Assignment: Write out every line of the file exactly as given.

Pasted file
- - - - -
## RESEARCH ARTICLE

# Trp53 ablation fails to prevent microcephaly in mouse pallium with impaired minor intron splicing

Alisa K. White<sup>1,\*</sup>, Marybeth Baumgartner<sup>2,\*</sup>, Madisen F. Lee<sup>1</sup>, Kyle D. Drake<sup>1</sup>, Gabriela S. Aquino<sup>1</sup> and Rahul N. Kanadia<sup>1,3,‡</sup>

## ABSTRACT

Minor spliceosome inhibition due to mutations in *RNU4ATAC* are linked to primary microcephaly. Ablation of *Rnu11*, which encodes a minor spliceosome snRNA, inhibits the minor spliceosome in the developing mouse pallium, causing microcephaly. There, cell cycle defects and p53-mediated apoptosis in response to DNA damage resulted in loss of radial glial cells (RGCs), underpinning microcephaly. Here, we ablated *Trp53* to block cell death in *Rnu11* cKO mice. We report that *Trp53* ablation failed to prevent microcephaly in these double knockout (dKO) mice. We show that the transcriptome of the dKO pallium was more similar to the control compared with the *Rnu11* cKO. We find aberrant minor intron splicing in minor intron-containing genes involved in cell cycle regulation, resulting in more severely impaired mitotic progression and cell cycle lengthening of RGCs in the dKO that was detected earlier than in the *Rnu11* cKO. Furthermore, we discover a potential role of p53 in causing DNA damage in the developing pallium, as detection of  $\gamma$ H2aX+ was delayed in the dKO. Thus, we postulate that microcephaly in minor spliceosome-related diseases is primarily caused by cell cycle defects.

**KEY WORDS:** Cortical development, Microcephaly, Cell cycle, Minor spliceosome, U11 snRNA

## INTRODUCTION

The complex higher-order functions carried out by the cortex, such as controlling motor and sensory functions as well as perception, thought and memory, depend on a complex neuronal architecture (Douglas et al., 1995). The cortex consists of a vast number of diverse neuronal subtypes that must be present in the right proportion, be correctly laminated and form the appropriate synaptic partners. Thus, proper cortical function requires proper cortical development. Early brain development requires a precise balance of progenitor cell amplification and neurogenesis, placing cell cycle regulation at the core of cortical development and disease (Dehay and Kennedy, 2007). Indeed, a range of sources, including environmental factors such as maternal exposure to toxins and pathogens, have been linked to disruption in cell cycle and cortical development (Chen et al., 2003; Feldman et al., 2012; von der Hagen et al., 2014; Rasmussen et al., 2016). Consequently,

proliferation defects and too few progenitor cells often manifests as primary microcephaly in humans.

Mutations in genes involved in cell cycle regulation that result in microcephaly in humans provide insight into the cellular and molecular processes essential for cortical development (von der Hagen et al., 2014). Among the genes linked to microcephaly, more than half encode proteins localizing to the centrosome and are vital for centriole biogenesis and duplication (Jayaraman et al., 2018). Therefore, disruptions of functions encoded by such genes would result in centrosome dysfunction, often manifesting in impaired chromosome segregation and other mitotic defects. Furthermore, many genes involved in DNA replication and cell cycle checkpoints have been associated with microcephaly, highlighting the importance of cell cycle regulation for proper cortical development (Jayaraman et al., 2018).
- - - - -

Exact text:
## RESEARCH ARTICLE

# Trp53 ablation fails to prevent microcephaly in mouse pallium with impaired minor intron splicing

Alisa K. White<sup>1,\*</sup>, Marybeth Baumgartner<sup>2,\*</sup>, Madisen F. Lee<sup>1</sup>, Kyle D. Drake<sup>1</sup>, Gabriela S. Aquino<sup>1</sup> and Rahul N. Kanadia<sup>1,3,‡</sup>

## ABSTRACT

Minor spliceosome inhibition due to mutations in *RNU4ATAC* are linked to primary microcephaly. Ablation of *Rnu11*, which encodes a minor spliceosome snRNA, inhibits the minor spliceosome in the developing mouse pallium, causing microcephaly. There, cell cycle defects and p53-mediated apoptosis in response to DNA damage resulted in loss of radial glial cells (RGCs), underpinning microcephaly. Here, we ablated *Trp53* to block cell death in *Rnu11* cKO mice. We report that *Trp53* ablation failed to prevent microcephaly in these double knockout (dKO) mice. We show that the transcriptome of the dKO pallium was more similar to the control compared with the *Rnu11* cKO. We find aberrant minor intron splicing in minor intron-containing genes involved in cell cycle regulation, resulting in more severely impaired mitotic progression and cell cycle lengthening of RGCs in the dKO that was detected earlier than in the *Rnu11* cKO. Furthermore, we discover a potential role of p53 in causing DNA damage in the developing pallium, as detection of  $\gamma$ H2aX+ was delayed in the dKO. Thus, we postulate that microcephaly in minor spliceosome-related diseases is primarily caused by cell cycle defects.

**KEY WORDS:** Cortical development, Microcephaly, Cell cycle, Minor spliceosome, U11 snRNA

## INTRODUCTION

The complex higher-order functions carried out by the cortex, such as controlling motor and sensory functions as well as perception, thought and memory, depend on a complex neuronal architecture (Douglas et al., 1995). The cortex consists of a vast number of diverse neuronal subtypes that must be present in the right proportion, be correctly laminated and form the appropriate synaptic partners. Thus, proper cortical function requires proper cortical development. Early brain development requires a precise balance of progenitor cell amplification and neurogenesis, placing cell cycle regulation at the core of cortical development and disease (Dehay and Kennedy, 2007). Indeed, a range of sources, including environmental factors such as maternal exposure to toxins and pathogens, have been linked to disruption in cell cycle and cortical development (Chen et al., 2003; Feldman et al., 2012; von der Hagen et al., 2014; Rasmussen et al., 2016). Consequently,

proliferation defects and too few progenitor cells often manifests as primary microcephaly in humans.

Mutations in genes involved in cell cycle regulation that result in microcephaly in humans provide insight into the cellular and molecular processes essential for cortical development (von der Hagen et al., 2014). Among the genes linked to microcephaly, more than half encode proteins localizing to the centrosome and are vital for centriole biogenesis and duplication (Jayaraman et al., 2018). Therefore, disruptions of functions encoded by such genes would result in centrosome dysfunction, often manifesting in impaired chromosome segregation and other mitotic defects. Furthermore, many genes involved in DNA replication and cell cycle checkpoints have been associated with microcephaly, highlighting the importance of cell cycle regulation for proper cortical development (Jayaraman et al., 2018).